B-17 F #42-30385 KIA 26 July 1944

In July of 1944, B-17 #42-30385 flew 21 bombing missions in 26 days. Their last target was a Natzi aircraft engine plant near Vienna, Austria. Things went south when the fighter escorts didn’t show up. All most half the bomber group went down in flames by over 150 German fighters. My cousin pilot 2nd Lt. David Kerr was one of them.

After 74 years we found the crash site with the help of several local Austrians. This is what it looks like today. There are thousands of pieces of the aircraft scattered for many kilometers. Many are clustered near these 360º images.

https://roundme.com/embed/271988/832484

Dear Family,

I am taking my boy Ryan to see the crash site today. Yesterday the family that owns the property treated me like a king. The son of the ranch refused to let me cary my backpack up the mountain! We talked for hours after this incredible exploration over dinner.

Upon arrival, my most gracious host presented me the radio operators chart holder complete with their call tag #30385. This I will give to his sister Mary Ann. The green coloration on one piece of the aluminum left no doubt this was David’s B-17 F model. He also gave me three 50 caliber rounds (defused) and a couple of squares of flack jacket armor.

3 local Austrians spend most of the day with me cataloging everything from flight controls to bomb fragments. One guy dug up parts with his metal detector at every turn (Steve you would be impressed with his skill). His older brothers were on the scene right after the crash in 1944. Not aware of what this really was, they described it as Christmas-like with all the silver, red and green bright colors – the smell of burning spruce.

As I reached the summit with the family Cocker Spaniel, I was greeted by only the birds and the wisp of the cool mountain air. A cuckoo bird in the distance chimed in. In the distance to the west, a 3000 meter snow caped mountain top stood majestically across the valley below.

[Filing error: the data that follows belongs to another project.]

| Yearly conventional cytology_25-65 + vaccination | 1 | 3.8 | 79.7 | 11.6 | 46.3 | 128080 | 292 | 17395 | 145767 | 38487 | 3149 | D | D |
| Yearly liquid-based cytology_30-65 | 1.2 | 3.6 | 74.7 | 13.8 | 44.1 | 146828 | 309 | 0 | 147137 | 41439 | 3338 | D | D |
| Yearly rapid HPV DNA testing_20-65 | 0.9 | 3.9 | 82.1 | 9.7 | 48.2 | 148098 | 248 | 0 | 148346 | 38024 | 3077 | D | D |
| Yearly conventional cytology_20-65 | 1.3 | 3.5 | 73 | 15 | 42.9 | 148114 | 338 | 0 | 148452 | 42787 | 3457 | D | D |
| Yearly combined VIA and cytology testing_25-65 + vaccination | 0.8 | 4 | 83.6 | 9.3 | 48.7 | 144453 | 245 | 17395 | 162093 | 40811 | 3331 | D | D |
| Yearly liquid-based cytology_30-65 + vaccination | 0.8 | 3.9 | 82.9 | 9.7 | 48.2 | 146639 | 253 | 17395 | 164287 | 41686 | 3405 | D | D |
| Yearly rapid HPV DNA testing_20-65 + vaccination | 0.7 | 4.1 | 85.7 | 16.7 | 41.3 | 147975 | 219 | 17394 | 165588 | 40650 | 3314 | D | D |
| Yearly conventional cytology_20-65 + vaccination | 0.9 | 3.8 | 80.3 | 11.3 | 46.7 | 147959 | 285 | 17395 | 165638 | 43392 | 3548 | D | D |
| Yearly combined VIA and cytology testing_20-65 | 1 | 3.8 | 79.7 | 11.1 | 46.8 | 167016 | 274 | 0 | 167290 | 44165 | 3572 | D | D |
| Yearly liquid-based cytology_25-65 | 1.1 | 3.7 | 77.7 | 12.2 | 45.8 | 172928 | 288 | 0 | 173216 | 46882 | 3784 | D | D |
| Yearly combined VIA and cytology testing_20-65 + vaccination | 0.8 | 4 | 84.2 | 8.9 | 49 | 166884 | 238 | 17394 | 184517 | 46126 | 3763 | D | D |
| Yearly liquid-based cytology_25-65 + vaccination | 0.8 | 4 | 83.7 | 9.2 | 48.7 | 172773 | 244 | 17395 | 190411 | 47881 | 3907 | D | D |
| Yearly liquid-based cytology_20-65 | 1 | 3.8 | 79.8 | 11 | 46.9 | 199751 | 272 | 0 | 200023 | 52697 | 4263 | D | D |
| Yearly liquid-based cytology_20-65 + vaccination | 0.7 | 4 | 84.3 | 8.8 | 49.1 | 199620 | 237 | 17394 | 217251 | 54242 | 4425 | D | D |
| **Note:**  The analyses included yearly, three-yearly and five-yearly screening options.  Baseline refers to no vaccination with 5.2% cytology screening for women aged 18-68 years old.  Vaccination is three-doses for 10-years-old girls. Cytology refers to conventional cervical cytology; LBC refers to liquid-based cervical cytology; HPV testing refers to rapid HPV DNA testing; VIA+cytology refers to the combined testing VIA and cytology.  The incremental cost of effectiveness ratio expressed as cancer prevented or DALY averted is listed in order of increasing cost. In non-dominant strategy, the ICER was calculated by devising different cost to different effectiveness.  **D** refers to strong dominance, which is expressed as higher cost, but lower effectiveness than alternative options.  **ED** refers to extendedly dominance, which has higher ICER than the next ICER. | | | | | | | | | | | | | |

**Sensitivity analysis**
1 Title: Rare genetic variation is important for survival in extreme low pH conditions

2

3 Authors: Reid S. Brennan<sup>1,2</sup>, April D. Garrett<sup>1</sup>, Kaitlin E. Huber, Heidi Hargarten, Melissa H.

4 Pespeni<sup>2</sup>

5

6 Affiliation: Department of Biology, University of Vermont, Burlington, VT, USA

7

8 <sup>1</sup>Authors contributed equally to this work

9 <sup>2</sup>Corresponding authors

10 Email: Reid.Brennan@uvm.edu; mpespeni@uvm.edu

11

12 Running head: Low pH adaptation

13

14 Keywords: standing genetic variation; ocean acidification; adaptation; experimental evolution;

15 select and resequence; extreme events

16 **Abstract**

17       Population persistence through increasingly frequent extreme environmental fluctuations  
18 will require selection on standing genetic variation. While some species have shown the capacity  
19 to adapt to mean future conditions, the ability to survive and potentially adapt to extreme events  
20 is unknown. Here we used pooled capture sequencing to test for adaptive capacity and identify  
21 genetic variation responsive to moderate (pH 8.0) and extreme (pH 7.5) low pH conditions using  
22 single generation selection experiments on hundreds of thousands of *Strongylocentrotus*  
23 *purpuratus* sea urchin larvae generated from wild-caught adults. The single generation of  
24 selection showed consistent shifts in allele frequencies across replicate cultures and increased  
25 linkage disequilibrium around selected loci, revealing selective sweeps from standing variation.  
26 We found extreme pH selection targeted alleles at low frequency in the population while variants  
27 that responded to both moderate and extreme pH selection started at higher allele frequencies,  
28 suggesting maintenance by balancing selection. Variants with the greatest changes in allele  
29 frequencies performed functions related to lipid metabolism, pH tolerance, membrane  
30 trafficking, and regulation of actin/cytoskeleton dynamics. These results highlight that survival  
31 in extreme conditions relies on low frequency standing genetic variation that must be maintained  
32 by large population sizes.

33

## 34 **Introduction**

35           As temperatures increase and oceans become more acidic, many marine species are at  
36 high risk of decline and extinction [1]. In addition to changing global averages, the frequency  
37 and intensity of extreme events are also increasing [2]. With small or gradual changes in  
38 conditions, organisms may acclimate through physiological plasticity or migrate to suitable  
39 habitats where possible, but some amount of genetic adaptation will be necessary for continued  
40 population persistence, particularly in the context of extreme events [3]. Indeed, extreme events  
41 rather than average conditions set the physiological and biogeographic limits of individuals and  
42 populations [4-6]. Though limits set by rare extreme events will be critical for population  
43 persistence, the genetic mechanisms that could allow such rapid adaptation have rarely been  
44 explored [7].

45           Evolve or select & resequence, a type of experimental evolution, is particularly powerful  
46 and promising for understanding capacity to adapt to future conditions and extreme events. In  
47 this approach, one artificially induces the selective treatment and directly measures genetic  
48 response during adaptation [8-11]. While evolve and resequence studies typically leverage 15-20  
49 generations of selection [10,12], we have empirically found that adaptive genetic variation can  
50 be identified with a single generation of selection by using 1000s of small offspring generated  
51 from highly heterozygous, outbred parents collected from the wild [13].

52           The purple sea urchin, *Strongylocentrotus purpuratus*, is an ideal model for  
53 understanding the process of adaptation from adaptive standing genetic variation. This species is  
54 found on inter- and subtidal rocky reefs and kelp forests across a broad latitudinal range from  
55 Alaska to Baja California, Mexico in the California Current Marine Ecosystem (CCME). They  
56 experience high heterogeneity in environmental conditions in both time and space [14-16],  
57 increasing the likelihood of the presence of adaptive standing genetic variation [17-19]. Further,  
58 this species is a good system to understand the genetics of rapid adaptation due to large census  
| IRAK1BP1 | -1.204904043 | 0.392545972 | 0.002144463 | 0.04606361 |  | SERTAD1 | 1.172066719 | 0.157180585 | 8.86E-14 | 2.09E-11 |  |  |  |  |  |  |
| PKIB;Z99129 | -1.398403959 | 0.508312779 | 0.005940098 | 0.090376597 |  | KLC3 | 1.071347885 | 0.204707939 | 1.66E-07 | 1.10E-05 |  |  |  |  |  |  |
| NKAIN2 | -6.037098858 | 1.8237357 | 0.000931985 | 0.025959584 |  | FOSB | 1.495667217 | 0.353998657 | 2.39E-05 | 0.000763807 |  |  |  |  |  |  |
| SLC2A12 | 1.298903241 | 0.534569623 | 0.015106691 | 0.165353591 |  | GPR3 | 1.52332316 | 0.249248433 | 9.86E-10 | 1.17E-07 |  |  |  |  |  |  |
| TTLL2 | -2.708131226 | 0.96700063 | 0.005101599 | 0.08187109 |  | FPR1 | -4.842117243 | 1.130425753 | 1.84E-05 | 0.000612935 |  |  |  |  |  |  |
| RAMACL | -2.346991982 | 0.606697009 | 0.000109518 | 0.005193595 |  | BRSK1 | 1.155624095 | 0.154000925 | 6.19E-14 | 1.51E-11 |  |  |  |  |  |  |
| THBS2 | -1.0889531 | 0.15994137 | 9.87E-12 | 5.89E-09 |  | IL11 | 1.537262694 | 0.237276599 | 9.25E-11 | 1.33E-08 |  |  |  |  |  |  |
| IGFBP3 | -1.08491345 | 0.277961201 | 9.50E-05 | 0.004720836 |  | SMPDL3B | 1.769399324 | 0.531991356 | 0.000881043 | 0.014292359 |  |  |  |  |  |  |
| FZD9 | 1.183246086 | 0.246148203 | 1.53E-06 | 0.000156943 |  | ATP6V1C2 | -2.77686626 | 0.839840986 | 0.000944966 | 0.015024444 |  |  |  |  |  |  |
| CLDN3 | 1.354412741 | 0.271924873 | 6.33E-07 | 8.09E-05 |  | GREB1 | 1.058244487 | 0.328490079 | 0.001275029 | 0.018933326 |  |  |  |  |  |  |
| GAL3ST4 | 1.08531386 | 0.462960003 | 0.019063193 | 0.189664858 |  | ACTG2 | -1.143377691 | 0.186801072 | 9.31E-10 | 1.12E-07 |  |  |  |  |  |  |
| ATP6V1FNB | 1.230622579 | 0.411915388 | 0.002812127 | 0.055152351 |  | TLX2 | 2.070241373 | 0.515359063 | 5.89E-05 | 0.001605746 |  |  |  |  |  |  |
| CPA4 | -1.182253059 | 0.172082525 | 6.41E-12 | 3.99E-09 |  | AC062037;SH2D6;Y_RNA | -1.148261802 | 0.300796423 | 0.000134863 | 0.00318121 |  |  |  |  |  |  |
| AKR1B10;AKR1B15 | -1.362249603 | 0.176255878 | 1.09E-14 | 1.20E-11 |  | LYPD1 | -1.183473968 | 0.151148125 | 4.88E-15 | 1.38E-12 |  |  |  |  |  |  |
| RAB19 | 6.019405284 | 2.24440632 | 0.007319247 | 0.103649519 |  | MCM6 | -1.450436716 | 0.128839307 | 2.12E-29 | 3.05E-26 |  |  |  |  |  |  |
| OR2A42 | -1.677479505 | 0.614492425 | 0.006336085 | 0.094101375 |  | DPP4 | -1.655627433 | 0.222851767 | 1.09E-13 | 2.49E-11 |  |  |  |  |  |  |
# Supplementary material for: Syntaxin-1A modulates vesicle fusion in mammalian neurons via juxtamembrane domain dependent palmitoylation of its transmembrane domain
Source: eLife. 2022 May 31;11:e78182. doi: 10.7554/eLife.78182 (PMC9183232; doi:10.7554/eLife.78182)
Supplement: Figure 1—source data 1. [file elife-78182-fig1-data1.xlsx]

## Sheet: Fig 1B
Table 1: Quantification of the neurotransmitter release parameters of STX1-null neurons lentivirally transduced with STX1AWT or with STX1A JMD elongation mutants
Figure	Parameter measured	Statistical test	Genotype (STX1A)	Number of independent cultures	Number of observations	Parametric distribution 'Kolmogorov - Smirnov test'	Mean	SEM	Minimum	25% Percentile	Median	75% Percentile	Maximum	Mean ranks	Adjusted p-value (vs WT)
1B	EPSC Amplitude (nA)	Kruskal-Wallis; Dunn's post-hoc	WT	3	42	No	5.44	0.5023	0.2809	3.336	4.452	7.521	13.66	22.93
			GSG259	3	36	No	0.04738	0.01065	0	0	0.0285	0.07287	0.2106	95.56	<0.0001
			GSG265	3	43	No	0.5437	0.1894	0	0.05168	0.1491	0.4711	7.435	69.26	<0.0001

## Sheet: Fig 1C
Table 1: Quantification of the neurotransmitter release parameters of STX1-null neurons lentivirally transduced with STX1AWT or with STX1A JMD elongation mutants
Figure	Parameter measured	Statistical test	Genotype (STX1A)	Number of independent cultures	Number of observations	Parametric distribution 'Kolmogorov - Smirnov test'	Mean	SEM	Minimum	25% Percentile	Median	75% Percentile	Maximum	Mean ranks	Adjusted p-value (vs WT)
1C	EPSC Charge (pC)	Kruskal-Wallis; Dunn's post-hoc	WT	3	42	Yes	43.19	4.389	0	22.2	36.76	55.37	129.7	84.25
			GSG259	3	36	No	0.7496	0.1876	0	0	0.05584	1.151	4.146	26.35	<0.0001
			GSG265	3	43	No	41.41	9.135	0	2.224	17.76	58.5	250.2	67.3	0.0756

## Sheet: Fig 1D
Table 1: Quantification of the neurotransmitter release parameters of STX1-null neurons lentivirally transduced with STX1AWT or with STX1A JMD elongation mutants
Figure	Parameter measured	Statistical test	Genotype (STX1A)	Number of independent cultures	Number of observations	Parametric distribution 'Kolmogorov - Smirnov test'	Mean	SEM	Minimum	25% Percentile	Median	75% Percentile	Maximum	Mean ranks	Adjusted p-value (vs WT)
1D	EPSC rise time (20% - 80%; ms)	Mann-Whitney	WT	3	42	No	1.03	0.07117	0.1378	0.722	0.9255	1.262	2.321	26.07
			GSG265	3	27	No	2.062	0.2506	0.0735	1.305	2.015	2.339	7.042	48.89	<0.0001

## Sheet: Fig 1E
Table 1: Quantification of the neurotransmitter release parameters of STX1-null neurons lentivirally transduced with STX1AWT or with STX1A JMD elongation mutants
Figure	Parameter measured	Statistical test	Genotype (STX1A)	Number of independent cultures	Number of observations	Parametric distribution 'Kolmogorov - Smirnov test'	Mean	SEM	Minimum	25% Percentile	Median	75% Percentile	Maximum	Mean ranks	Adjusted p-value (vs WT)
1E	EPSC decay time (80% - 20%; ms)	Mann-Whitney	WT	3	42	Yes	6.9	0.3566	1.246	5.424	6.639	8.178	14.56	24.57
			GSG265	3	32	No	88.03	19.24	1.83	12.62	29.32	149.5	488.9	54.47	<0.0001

From the Rocky Mountains, to the Smoky Mountains it’s the most beautiful forrest
I have ever trekked. There is no underbrush like Tennessee, so you can see a long distance down the steep slopes. No poisonous snakes to threaten travelers here. In fact I didn’t see a squirrel, bee or spider web on this bright, warm May day.

The tranquil nature of the landscape juxtaposed with the most violent event imaginable, was odd. It felt so incredibly peaceful in the midst of a 74 year aerial graveyard. It remains like sunken shipwreck. There is a large opening in the dense tall spruces near the top of the ridge line were trees will not grow again. This would be a fitting place for a small monument to the crews.

We found plexiglass from the plane which indicated to me an explosion before it had a chance to burn. We located the precise location were most of the crew where found, buried and reburied in 1947 at Jefferson Barracks in St. Louis, Missouri.

The sole of a boot, shredded nylon, even large pieces of of a leather glove lay scattered on the hillside 74 years later. In David’s plane alone every 1000 lb. bomb but one detonated on the way down. A hole the size of baseball in the massive propeller blade was shot clean through. Most of the airplane is less than the size of your fist, and they lay at every step for hundreds of yards down the steep slope.

Some of the parachutes were witnessed catching on fire going down. I believe that much of the crew were probably killed in the explosions, and most likely died instantly, including David and his copilot.

Eye witness accounts of the fall have been well documented by our host. He has a vast database of information with a map detailing debris over more than 6 kilometers of the area.

The year after this infamous tragedy the area was overrun by the Soviets with fierce fighting. The grandmother of the current property owner was killed in a 1945 rocket attack on her property. Ironically, this was the high-water mark of the Soviet push west in this region.

Our Austrian friends grandfather was able to survive the war and surrendered to the American forces. He told me that most locals in the past have not wanted to discuss the
WWII history in this region. This is changing he said.

The family is very protective of this sacred ground and have done a great job keeping it as-is. At their request, we will keep its location a secret. My hope is, that this might give some closure to family still living that never knew their fate. Like so many horrible wars, many times, they just never came home.

32116319_10156394955309036_3535368498245009408_n
2nd Lt. David Kerr and family on his last visit home.